Fei Wang’s shortlisted Micropolis is an antidote to the super-size developement that has typified China’s built expansion
In September’s special issue of AR, Pascal Hartmann described China as ‘the largest urbanisation project in history’. In 2011 the country’s urban population exceeded its rural population for the first time, with some 691 million people now living in cities. The impact of this shift, Hartmann argued, will reverberate far beyond China’s borders to ‘shape the 21st century’. The role of architecture in the outcome of this transition could be pivotal.
As a riposte to the mega-scale development that has so far typified this growth, Micropolis is an alternative vision of Chinese urbanisation based on historic development patterns such as siheyuan, the traditional courtyard dwellings that were particularly prevalent in Beijing. Its creator, Fei Wang, has sought to make an urbanism that, instead of starting from the masterplan, begins with the human scale of the domestic. Arranged around either closed or open courtyards, individual dwellings are aggregated to create a legible yet complex piece of city.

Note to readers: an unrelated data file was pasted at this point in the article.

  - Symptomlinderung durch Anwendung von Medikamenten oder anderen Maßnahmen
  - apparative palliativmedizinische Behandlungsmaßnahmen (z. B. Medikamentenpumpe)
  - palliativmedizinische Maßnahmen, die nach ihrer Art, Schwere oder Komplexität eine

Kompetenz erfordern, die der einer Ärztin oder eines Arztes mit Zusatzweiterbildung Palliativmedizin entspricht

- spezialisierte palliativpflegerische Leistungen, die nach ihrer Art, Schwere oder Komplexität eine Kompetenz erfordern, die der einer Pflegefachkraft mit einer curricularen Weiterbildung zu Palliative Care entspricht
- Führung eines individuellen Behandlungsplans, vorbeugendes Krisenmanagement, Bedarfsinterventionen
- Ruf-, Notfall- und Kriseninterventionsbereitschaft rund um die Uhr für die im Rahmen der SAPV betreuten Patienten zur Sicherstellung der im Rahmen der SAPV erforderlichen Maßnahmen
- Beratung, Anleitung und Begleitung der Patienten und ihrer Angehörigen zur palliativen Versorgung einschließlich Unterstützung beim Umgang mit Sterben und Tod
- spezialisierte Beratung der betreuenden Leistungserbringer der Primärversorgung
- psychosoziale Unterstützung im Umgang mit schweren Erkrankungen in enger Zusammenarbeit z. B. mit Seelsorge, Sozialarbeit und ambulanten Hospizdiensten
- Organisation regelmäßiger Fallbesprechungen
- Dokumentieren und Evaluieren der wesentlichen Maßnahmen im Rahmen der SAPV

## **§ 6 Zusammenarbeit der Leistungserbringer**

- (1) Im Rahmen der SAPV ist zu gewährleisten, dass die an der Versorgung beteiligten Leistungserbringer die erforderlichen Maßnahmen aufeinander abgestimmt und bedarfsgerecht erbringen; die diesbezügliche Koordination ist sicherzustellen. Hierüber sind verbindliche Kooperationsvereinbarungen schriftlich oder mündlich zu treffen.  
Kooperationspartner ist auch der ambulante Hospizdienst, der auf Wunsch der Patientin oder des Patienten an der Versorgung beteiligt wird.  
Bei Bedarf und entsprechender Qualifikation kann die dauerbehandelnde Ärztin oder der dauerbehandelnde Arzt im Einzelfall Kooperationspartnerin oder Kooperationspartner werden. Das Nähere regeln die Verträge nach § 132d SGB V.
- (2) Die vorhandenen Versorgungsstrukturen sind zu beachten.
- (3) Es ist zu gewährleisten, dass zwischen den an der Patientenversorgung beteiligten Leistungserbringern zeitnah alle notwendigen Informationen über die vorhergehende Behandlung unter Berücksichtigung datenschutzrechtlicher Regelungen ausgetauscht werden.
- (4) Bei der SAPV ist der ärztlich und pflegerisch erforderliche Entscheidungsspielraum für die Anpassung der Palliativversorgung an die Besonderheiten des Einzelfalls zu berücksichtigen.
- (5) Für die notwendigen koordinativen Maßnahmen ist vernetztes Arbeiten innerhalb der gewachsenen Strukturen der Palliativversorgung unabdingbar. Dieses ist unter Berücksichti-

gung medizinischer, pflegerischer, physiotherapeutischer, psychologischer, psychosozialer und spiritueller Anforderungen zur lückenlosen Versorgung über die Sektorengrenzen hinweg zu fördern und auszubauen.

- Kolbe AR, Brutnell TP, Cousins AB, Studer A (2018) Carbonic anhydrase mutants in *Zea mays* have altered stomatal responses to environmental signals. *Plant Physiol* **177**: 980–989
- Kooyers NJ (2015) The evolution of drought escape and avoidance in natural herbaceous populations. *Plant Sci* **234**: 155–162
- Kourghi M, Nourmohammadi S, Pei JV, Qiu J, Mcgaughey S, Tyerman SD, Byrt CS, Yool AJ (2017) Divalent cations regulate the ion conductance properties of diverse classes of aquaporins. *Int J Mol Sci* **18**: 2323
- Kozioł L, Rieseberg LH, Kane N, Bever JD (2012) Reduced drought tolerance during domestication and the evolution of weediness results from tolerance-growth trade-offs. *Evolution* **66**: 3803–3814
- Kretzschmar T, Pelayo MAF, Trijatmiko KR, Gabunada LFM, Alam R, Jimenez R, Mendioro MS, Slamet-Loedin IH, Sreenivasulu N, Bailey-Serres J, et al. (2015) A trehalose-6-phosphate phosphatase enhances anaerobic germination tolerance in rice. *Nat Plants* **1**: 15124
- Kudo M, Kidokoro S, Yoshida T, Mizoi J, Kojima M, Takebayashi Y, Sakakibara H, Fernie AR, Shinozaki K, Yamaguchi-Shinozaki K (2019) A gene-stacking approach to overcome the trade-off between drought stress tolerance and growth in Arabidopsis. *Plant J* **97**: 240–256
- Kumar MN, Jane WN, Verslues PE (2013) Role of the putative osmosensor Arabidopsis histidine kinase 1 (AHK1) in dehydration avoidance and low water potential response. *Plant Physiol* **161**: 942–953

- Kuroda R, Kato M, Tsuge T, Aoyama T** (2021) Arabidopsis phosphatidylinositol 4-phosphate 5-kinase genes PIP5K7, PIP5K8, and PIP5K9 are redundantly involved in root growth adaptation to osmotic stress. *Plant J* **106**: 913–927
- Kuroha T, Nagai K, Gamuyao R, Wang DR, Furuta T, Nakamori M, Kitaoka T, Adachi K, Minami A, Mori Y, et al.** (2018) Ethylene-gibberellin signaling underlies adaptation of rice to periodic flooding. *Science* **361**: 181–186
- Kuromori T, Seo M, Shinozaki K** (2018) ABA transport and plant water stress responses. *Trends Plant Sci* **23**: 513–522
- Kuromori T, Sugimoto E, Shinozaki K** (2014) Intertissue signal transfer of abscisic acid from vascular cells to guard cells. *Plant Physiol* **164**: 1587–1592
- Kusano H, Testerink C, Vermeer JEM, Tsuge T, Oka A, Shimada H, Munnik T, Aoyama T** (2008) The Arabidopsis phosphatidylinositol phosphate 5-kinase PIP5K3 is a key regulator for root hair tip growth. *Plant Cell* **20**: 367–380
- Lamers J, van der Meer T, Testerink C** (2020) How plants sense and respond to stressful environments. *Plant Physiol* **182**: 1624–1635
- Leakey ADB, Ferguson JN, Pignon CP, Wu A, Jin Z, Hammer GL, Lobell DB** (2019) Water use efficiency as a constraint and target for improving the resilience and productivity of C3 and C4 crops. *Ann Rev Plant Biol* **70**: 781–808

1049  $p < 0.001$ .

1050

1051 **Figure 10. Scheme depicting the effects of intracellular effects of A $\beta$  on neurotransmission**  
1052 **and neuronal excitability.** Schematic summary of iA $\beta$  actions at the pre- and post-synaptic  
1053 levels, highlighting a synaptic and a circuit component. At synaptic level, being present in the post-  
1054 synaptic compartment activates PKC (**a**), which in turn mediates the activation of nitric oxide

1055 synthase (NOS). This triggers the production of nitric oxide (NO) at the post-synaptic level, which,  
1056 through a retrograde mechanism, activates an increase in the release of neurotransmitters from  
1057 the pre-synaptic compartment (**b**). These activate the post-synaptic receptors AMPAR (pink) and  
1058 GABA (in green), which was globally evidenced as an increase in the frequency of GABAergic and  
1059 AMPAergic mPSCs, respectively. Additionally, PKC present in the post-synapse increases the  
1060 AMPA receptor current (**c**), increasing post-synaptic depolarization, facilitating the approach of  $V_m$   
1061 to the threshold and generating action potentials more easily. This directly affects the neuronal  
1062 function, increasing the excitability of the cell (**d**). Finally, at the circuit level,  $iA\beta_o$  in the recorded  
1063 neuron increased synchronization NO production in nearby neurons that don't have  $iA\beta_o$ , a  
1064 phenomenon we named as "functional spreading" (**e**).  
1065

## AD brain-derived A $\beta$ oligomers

The judges liked the project’s appreciation for intimate spaces and everyday urban life, while at the same time admiring how this sensibility − Sana’a meets Archizoom − would not greatly impede the drive for mega-scale, rapid development; and therefore might be compatible with to market conditions. It is a compelling imagining of the future Chinese city.
Different densities permit a more varied urban fabric than rigid top-down grid plans
Punning on the radical reversibility of axonometry, Wang’s visualisation oscillates between negative and positive space like an Escher drawing
Squares and alleys naturally become the public spaces of the organic agglomeration